Egyptians Made the First Paper from Papyrus On the Banks of the Nile

by Tabitha Boyd, age 14

The Egyptians were among the first to make paper. The word paper comes from papyrus, a reed that grows on the banks of the Nile River.

The paper-making process starts with peeling the outer layer of the reeds. The pith inside the stems would then be cut into strips, soaked in water and placed in crisscrossed layers. Finally, the crisscrossed layers of pith were hammered until squashed and smashed together. A flat-surfaced tool called a burnisher was used to smooth and flatten out the papyrus and to make paper. A burnisher made of ivory with gold foil was discovered in the tomb of King Tutankhamun.

Other materials used for writing were recycled broken pieces of stone and pottery. These pieces are called ostraka. Young scribes would use ostraka for writing exercises and then have a teacher correct them. Experts estimate only about four out of 1,000 Egyptians could read or write. Among these were the scribes.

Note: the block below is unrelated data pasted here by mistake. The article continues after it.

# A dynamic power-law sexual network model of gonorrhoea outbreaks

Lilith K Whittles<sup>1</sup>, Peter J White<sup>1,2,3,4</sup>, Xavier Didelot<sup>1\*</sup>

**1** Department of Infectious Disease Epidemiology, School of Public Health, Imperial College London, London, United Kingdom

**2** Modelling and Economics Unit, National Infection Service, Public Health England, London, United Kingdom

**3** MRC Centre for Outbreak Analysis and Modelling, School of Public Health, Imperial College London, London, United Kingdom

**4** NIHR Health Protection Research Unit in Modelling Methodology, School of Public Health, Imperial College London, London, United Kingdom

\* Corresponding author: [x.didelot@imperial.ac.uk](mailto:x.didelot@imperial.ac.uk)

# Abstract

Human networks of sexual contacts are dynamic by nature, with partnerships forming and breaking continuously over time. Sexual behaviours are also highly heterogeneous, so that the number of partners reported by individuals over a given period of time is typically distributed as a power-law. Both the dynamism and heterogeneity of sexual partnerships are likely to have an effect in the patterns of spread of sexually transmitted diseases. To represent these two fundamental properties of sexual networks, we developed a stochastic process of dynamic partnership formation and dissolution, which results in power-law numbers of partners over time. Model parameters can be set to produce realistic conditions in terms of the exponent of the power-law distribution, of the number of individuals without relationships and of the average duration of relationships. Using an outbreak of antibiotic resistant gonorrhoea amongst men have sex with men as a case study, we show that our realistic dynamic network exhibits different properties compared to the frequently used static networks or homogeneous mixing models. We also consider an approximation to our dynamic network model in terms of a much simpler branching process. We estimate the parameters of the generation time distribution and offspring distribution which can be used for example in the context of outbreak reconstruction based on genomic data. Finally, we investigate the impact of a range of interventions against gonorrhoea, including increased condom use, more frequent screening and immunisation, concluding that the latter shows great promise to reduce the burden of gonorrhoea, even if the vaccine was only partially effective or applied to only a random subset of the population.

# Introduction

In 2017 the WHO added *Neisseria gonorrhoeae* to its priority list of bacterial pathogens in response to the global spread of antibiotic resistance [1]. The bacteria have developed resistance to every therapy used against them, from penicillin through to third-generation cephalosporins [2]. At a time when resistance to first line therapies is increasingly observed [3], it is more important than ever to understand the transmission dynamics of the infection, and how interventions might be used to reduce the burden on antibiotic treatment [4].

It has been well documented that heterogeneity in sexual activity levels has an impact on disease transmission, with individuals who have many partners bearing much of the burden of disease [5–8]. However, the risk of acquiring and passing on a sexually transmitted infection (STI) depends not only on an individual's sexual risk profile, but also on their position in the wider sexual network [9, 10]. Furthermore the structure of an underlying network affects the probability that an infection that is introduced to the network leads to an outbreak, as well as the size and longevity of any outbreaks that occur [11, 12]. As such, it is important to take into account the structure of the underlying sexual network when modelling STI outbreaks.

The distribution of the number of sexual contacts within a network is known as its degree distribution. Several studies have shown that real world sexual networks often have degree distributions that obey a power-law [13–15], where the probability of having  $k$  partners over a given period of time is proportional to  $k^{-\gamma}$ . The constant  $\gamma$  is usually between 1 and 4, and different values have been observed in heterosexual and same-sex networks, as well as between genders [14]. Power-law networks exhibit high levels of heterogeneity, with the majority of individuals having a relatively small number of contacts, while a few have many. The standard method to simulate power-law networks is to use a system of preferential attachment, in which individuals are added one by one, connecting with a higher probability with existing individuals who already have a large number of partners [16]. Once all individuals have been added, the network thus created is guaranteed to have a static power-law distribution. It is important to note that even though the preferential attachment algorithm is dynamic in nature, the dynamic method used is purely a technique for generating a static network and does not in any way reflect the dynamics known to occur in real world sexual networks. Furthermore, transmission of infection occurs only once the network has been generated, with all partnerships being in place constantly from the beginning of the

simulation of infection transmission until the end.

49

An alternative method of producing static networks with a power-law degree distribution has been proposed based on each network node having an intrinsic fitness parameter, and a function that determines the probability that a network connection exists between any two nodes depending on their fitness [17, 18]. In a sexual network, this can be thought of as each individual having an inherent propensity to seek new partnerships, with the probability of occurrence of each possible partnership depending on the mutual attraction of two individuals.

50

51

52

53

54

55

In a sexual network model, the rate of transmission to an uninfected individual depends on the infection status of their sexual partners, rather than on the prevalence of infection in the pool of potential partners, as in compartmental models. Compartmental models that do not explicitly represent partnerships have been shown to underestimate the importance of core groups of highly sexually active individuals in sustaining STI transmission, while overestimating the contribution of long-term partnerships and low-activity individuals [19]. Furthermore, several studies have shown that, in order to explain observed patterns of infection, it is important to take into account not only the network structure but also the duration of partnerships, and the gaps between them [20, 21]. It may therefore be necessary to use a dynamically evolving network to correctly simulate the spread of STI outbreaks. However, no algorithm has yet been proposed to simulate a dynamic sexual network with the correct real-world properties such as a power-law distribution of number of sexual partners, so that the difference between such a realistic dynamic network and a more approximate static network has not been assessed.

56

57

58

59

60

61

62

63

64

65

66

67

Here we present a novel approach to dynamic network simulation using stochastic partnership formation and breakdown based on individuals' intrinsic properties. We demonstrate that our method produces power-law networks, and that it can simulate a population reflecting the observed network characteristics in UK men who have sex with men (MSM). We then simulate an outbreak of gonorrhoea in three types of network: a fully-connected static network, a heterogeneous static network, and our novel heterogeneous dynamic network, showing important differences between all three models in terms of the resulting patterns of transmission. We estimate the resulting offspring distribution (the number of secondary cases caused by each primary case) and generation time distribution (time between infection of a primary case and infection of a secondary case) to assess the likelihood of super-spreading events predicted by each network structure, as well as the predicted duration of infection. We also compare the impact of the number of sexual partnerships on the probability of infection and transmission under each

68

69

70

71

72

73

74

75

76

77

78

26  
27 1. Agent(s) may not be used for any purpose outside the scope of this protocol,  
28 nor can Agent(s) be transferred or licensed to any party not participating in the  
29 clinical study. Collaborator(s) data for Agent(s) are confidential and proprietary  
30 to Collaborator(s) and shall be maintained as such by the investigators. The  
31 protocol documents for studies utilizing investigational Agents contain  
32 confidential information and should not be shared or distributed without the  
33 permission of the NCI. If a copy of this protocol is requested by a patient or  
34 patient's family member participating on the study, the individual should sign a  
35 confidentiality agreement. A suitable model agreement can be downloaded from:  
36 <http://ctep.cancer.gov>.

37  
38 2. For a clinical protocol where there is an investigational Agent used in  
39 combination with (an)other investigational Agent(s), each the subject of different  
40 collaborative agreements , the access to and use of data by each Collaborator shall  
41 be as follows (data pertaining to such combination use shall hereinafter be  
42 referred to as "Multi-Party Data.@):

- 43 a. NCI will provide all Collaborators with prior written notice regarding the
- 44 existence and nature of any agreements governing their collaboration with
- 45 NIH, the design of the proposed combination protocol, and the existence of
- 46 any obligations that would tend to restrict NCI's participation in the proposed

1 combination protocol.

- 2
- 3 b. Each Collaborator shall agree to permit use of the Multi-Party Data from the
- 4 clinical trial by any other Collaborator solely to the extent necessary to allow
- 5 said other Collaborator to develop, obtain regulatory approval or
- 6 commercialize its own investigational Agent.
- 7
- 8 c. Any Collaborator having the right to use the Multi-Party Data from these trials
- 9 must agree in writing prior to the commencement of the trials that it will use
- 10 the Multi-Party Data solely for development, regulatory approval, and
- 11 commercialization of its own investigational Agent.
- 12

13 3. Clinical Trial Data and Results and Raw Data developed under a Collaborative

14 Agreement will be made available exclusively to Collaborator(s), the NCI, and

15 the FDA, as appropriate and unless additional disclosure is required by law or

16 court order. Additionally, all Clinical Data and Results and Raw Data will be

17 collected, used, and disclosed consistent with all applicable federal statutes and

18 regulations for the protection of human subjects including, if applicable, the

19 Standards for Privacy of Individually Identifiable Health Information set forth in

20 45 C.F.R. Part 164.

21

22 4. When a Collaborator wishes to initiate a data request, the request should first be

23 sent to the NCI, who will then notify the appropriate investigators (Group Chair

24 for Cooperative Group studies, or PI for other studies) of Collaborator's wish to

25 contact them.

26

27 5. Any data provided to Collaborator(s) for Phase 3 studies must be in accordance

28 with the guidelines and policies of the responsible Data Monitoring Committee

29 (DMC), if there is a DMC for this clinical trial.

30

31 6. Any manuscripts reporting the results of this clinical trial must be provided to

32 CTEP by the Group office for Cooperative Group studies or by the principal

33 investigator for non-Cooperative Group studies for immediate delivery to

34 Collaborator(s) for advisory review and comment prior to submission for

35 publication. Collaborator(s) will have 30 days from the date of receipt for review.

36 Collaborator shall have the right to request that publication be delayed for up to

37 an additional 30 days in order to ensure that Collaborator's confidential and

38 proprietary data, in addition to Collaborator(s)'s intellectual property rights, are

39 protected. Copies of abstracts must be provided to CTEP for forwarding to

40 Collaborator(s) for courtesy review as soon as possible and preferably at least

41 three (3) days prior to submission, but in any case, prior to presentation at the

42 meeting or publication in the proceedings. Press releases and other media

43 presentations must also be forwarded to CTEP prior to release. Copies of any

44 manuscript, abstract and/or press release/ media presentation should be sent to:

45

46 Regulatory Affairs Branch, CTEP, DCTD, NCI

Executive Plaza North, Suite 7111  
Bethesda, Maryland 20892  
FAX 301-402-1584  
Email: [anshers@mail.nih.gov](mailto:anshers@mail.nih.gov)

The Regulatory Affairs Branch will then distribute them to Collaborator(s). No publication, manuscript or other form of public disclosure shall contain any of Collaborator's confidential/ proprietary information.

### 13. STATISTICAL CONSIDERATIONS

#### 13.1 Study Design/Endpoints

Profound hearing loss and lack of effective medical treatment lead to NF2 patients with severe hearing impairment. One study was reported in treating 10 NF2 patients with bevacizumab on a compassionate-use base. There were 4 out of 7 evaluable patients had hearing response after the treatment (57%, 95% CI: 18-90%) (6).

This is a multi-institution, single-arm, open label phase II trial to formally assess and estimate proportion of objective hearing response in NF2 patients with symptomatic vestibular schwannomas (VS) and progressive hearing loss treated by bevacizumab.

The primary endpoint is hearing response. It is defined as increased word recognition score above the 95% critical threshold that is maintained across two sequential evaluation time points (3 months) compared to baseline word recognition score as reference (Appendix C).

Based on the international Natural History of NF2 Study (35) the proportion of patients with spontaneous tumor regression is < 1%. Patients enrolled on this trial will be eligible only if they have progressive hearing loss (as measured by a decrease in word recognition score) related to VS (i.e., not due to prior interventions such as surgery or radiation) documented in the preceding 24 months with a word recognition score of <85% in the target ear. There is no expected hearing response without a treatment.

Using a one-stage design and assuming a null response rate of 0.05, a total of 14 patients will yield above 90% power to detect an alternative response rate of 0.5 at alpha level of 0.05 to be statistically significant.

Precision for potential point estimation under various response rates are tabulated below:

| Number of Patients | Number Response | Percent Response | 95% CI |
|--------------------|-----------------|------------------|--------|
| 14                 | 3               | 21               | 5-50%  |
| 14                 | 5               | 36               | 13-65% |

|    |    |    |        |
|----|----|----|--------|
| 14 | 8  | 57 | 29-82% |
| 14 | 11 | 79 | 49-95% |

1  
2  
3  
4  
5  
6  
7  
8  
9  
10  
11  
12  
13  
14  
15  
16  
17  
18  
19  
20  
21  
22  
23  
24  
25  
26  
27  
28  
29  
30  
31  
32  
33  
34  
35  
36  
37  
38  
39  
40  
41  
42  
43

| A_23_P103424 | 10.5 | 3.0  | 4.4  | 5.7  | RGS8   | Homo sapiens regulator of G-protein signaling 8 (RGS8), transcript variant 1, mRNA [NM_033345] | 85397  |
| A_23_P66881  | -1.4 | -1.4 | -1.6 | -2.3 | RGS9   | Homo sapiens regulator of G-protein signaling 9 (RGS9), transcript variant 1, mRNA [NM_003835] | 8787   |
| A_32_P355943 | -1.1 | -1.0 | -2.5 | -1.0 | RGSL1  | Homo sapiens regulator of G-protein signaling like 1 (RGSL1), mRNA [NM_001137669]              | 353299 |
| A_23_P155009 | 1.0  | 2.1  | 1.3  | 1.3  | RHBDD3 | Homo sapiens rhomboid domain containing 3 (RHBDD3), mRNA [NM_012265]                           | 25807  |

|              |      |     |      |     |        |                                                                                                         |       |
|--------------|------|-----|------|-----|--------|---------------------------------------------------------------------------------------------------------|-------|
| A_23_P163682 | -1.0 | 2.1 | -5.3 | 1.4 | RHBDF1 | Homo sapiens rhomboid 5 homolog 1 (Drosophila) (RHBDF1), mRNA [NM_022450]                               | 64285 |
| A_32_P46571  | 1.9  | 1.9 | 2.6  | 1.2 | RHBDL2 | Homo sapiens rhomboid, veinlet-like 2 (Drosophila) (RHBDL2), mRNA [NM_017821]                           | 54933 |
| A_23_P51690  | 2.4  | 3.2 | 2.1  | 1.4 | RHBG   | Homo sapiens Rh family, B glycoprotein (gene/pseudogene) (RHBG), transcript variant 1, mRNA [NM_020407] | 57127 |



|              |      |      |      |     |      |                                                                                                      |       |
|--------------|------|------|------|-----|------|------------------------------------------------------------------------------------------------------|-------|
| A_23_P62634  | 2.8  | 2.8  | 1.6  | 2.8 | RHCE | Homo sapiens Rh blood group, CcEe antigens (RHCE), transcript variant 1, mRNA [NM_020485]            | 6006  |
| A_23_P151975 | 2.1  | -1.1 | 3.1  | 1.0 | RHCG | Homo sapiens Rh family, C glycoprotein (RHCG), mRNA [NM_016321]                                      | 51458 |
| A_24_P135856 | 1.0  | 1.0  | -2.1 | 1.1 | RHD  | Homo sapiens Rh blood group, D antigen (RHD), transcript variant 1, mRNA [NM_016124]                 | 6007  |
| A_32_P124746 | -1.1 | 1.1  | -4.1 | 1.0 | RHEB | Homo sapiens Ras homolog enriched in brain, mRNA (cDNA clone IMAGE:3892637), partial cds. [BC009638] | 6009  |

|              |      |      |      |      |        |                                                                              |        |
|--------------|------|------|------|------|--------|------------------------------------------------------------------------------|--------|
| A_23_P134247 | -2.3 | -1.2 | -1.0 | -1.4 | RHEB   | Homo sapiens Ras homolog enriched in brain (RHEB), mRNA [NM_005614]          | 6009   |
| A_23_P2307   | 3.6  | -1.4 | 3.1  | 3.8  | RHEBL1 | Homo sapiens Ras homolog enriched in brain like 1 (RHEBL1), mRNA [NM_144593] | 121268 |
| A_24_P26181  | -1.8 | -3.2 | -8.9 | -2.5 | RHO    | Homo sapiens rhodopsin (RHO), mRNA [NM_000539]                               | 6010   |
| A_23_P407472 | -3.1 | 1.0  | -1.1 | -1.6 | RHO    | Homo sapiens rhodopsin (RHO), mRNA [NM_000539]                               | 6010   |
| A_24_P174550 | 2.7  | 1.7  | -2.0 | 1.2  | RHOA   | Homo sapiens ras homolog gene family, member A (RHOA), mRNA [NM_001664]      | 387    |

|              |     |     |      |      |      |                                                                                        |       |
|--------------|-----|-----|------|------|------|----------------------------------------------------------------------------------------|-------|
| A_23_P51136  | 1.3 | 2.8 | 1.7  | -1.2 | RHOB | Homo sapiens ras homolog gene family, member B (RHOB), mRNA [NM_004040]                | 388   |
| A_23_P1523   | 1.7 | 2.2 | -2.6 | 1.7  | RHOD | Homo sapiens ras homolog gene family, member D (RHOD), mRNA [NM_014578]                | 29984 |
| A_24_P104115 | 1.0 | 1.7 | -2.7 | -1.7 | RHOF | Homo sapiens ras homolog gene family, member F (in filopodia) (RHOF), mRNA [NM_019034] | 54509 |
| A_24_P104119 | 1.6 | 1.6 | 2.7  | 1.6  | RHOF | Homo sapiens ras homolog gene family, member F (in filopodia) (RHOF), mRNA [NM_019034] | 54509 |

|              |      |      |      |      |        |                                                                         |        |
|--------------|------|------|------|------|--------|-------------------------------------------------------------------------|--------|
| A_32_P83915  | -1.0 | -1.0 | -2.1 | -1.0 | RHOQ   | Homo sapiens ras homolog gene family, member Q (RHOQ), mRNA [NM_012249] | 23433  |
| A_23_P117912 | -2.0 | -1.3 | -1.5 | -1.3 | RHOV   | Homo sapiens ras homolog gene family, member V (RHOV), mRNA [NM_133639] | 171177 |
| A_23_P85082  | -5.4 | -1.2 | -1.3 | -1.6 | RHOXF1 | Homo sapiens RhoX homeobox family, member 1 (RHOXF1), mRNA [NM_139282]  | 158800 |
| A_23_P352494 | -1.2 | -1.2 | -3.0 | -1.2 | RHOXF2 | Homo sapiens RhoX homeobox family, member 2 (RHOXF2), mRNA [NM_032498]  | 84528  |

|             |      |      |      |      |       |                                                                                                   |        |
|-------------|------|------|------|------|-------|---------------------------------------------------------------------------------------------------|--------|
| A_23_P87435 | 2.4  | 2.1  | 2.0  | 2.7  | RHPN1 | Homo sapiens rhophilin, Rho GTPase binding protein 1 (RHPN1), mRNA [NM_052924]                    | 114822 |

Scribes were professional writers who would copy official records, documents, letters, poems and stories. A scribe’s pen case contained reed pens and an inkwell. The ink was made by mixing either charcoal or soot with water. Scribes carried a grinder to crush the materials. Carved into the case would often be the scribe’s name, the employer’s name or the pharaoh’s name.

Working as a scribe often meant traveling on business to record official documents. Most scribes carried a portable palette for travel. They also had a briefcase to hold and protect their important documents.

The older, more experienced scribes trained the younger ones strictly and harshly. “Pass no day in idleness or you will be beaten,” wrote Amenemope, a teacher.

Scribes were often powerful people in ancient Egypt. The famous scribe Accroupi, who lived in Egypt around the time of the Old Kingdom, is survived by a statue that exists today. The high standing of scribes is confirmed in the text Satire of the Trades, which says. “Behold! No scribe is short of food and riches from the palace.”

It is no wonder scribes were envied for their relatively easy way of life.

[Source: The Encyclopedia of the Ancient World]